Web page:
I love a retro dessert.
So much so that I spent years hoping that tiramisù would be the perfect sweet to impress girls. But I soon learned that tiramisù is most seductive when your partner sees the effort it takes —and then has to wait a day of shivering anticipation to eat it.
“It has enough coffee to keep her up all night,” I exclaimed at a friend’s dinner party, in an attempt to persuade her to make the no-bake dessert. Our partners were mixing drinks across the room but my wife has excellent hearing. My boast that tiramisù used to be my signature seduction dish prompted a pointed reaction.
“Why am I just hearing this now, and more importantly, why have you never made tiramisù for me?”
“Baby, I’m sure I made it for you,’ I squeaked out. My friends made exaggerated appalled faces and mouthed “NO” before I could place my foot any further in my mouth. I quickly agreed to make my wife tiramisù soon. Very soon. Extremely soon.
This is how I ended up spending Saturday morning searching for Savoiardi —the crunchy, sugar-coated Italian ladyfingers— that transform into pillowy layers of cake once you soak them in hot coffee.
Yes, I said ladyfingers. See, this is why you need to make your boo some tiramisù. Flirting is easy when you’re waiting for the coffee to slowly penetrate the Savoiardi overnight.
Tiramisù is one of those intimidating desserts I associate with Italian restaurants in the 80s and 90s. I grew up watching the adults in my life order these creamy, coffee-flavored squares dusted with cocoa powder. Any coffee dessert is cosmopolitan to a 10-year-old, and tiramisù’s perfectly even layers of moist brown cake and whipped cheesecake-adjacent filling were nothing like the rustic pies we baked at home. It seemed like the height of sophistication. Even when grown-ups were too full of pasta, they managed to share a slab. And like coffee and Tab soda, tiramisù was completely off-limits to the kids.
I first tried eating tiramisù in college, on a date with a disapproving vegan with a shaved head. The dessert was less chocolatey than I expected, the layers of intensely coffee-flavored cake and creamy mascarpone cheese had only a hint of grated chocolate. It felt decadent, not too sweet, and decidedly sexy. As I spooned the dessert into my mouth, I was happy I didn’t have to share. My love for the dessert would last much longer than the vegan, and it didn’t take long to start imagining that my perfect partner would appreciate it too.
This dessert involves getting ladyfingers wet, eating it is messy and can even require licking cream off your fingers. Of course I tried to use tiramisù to make women fall in love with me —the pick-up lines practically wrote themselves.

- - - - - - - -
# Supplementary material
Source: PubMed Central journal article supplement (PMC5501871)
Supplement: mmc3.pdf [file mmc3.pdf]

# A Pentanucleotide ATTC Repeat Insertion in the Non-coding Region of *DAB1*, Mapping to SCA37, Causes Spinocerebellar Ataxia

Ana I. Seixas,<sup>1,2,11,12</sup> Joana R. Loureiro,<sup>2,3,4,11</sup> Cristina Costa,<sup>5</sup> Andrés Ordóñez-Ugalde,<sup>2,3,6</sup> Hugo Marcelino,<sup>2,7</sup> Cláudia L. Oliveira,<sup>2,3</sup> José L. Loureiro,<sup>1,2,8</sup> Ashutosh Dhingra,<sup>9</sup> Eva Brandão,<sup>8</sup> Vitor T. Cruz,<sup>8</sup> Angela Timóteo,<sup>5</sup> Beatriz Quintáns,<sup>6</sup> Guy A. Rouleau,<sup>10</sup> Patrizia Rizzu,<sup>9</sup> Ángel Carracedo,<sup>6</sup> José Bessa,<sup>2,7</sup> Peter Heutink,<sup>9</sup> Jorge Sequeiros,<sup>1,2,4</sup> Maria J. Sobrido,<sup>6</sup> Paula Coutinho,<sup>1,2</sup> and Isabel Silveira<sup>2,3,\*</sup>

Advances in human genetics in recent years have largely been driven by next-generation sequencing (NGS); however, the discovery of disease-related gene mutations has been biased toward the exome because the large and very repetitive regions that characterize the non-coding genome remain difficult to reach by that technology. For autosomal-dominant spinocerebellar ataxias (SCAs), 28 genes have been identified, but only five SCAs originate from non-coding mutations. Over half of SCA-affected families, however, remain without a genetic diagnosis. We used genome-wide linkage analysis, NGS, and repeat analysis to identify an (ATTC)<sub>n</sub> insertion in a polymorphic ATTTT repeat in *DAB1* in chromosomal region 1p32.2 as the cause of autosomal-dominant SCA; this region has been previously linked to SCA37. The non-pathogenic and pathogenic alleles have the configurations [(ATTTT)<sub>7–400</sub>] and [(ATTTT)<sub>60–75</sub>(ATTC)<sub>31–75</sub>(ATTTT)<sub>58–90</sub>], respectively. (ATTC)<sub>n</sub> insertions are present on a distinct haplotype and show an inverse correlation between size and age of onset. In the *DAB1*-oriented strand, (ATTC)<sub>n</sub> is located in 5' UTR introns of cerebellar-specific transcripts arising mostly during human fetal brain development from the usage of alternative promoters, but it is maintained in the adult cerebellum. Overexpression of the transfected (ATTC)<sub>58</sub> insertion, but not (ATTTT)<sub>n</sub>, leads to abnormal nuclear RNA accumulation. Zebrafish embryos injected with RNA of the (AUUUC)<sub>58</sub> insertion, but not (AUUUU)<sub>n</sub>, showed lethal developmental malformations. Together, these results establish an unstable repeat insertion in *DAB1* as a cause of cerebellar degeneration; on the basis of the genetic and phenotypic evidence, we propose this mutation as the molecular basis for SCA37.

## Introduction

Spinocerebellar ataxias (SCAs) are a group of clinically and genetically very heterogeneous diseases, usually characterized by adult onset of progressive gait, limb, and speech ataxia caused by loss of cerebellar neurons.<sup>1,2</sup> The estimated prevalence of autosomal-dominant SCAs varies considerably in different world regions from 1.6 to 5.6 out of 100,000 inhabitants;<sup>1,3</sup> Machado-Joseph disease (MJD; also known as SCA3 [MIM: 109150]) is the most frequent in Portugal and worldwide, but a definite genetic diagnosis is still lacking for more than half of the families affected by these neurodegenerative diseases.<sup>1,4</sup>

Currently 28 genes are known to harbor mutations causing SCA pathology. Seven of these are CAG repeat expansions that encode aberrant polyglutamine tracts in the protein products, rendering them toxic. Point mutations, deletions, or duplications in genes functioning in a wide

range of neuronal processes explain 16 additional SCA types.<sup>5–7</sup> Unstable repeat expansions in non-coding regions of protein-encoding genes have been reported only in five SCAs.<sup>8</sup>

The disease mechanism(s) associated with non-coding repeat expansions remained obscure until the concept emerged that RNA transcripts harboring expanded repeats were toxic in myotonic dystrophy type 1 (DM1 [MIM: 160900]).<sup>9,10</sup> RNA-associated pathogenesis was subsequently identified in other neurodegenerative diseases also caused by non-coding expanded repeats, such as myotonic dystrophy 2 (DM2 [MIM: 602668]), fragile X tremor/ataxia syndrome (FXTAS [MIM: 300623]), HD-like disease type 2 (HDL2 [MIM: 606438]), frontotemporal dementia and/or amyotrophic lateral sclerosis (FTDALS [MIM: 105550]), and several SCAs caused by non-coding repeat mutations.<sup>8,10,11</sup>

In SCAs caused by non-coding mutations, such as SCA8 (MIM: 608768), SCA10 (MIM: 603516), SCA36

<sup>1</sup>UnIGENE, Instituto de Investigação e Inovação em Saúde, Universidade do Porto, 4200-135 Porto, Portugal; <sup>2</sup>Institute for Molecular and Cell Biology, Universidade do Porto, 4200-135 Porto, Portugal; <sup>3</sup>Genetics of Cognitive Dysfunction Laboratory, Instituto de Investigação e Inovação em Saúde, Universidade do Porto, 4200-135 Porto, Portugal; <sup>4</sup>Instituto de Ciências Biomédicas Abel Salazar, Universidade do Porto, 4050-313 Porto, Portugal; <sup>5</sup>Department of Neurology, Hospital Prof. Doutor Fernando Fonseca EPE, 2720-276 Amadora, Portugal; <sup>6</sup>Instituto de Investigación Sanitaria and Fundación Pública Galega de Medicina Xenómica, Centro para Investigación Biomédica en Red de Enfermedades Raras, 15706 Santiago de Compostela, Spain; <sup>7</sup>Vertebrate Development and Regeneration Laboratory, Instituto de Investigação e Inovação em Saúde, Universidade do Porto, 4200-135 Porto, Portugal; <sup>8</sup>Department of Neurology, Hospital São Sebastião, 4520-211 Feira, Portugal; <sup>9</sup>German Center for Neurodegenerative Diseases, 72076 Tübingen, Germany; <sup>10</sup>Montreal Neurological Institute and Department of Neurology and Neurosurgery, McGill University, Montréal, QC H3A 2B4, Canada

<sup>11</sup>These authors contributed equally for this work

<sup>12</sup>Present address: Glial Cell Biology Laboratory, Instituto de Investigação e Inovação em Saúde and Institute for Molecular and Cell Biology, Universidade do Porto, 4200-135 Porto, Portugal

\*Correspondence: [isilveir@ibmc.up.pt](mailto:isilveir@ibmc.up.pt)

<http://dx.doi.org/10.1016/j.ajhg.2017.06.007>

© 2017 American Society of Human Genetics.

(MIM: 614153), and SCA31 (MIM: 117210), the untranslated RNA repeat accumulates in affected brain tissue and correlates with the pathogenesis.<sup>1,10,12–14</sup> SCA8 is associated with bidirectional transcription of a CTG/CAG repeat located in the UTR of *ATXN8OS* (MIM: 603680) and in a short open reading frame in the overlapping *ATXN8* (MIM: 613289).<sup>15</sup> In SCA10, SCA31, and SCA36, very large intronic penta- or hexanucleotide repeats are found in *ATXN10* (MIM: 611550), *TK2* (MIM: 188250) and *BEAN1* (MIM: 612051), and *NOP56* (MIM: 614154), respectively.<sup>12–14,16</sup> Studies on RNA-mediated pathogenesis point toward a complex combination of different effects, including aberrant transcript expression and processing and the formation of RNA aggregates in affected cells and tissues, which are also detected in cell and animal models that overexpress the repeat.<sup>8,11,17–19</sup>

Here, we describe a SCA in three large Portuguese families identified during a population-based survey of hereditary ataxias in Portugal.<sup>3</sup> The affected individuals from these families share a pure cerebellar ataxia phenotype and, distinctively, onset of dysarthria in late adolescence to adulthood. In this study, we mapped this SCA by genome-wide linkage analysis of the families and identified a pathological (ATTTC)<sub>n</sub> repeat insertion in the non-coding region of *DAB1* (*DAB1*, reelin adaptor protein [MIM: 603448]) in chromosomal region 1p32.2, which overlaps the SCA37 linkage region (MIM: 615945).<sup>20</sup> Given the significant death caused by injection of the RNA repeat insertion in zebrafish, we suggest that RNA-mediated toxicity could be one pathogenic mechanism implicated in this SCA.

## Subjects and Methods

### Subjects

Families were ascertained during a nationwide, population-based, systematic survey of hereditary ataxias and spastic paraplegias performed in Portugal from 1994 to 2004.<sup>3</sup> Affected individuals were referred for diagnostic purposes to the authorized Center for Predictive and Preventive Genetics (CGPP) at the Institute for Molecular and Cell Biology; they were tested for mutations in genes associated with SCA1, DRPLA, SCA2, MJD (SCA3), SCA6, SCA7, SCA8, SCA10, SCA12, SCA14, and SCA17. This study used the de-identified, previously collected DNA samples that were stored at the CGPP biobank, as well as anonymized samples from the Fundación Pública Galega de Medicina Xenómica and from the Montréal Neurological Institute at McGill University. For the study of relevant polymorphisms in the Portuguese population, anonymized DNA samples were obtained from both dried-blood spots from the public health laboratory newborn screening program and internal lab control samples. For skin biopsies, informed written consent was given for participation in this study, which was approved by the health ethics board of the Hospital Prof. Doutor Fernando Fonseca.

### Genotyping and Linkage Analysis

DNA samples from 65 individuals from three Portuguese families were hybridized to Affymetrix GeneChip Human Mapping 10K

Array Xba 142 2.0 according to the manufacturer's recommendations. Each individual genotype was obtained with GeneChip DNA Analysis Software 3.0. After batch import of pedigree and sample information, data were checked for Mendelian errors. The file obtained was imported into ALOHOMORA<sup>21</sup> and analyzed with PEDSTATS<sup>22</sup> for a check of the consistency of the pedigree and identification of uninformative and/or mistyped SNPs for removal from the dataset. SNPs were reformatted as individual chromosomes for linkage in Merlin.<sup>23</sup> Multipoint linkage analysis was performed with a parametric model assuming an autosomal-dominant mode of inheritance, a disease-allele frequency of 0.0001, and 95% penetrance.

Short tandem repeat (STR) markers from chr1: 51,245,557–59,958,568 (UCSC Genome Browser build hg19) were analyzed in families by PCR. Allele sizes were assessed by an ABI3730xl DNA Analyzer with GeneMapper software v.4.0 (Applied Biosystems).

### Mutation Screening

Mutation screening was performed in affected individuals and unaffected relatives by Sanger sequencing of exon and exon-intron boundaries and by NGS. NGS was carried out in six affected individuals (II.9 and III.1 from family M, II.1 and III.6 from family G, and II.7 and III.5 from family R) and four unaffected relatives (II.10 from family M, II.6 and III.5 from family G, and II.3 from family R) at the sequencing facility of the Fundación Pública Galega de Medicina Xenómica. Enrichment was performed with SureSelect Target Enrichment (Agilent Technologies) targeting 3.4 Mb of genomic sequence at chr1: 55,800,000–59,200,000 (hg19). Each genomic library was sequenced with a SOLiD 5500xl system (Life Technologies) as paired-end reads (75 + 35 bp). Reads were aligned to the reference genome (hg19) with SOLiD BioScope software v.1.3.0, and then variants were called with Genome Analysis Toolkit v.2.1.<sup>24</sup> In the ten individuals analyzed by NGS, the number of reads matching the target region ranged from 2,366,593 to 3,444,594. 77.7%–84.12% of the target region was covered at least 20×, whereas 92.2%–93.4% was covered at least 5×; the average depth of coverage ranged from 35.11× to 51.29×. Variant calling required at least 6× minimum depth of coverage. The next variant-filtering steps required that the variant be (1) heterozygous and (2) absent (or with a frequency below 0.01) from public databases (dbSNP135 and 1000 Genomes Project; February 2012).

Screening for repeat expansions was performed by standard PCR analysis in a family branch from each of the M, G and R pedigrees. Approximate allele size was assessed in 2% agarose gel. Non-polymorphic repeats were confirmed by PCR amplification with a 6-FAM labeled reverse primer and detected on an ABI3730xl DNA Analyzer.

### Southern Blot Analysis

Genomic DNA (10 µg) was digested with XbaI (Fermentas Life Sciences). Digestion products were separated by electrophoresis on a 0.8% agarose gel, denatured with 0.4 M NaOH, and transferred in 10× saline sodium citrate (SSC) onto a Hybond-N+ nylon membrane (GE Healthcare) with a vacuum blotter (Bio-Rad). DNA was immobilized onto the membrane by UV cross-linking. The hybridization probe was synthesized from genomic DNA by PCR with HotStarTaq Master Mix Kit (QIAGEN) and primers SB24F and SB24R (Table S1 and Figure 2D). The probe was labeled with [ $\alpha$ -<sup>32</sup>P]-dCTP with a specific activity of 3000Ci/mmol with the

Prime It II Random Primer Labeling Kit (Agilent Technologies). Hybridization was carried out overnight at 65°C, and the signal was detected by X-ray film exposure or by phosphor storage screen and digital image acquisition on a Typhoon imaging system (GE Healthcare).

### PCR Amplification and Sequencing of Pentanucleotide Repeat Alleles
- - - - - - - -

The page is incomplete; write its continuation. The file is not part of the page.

When I found my celebrity baker crush Joanne Chang’s tiramisu recipe in an old Fine Cooking magazine, it felt like fate. I first made it for a librarian with a pixie cut, inviting her back to my apartment after a date, and presenting the dish with a flourish. She loved the slightly bitter taste and I shared how I’d brushed each layer of cake with hot espresso and murmured about the unsweetened chocolate I grated on top. She took home the leftovers but expressed no interest in a second date.
I tried again with a bespectacled butch, carefully explaining the hour I’d spent whisking together the egg yolks, sugar, kalua, and salt over a pan of simmering water until it thickened into sabayon, the bright yellow custard that gives the filling of tiramisù its sweetness. I told her how some recipes call for raw egg yolks but not to worry, I wouldn’t risk her health. She ate two slices and went on to date my best friend instead.
This pattern repeated itself in my early 20s. It might have been faster to stamp “Tries too Hard” on my forehead. I would over-explain the details of making it to my dates, sure that any woman would swoon when she heard how much effort I’d taken. By the time my wife and I met, I’d given up trying to bake my way into someone’s heart. Which is how I found out that tiramisù is the perfect seduction dessert when you’ve already gotten the girl. It turns out tiramisù is best appreciated by a partner who watches you spend the day making it for her.
When you cook in front of your partner, she has an opportunity to appreciate your biceps as you plunge a bowl of hot custard onto a bucket of ice, whisking it vigorously until it cools down enough to fold it into mascarpone whipped with half a cup of cream. I even recommend flexing just a little while you fold the two together.
The version of tiramisù I make now feels easier than when I was single and looking. My wife and I spent a Saturday evening layering the tiramisù in my favorite mid-century casserole pan. Ladyfingers, mascarpone, and chocolate —repeat. She admired my knife skills as I shaved off paper-thin curls of chocolate to sprinkle between layers and shower on top of the dessert. Then we tucked the pan into the fridge overnight, so we could eat it all day Sunday.
Tiramisù for breakfast in bed….tiramisù for afternoon delight….and just as I’d always imagined — tiramisù for the late nights too.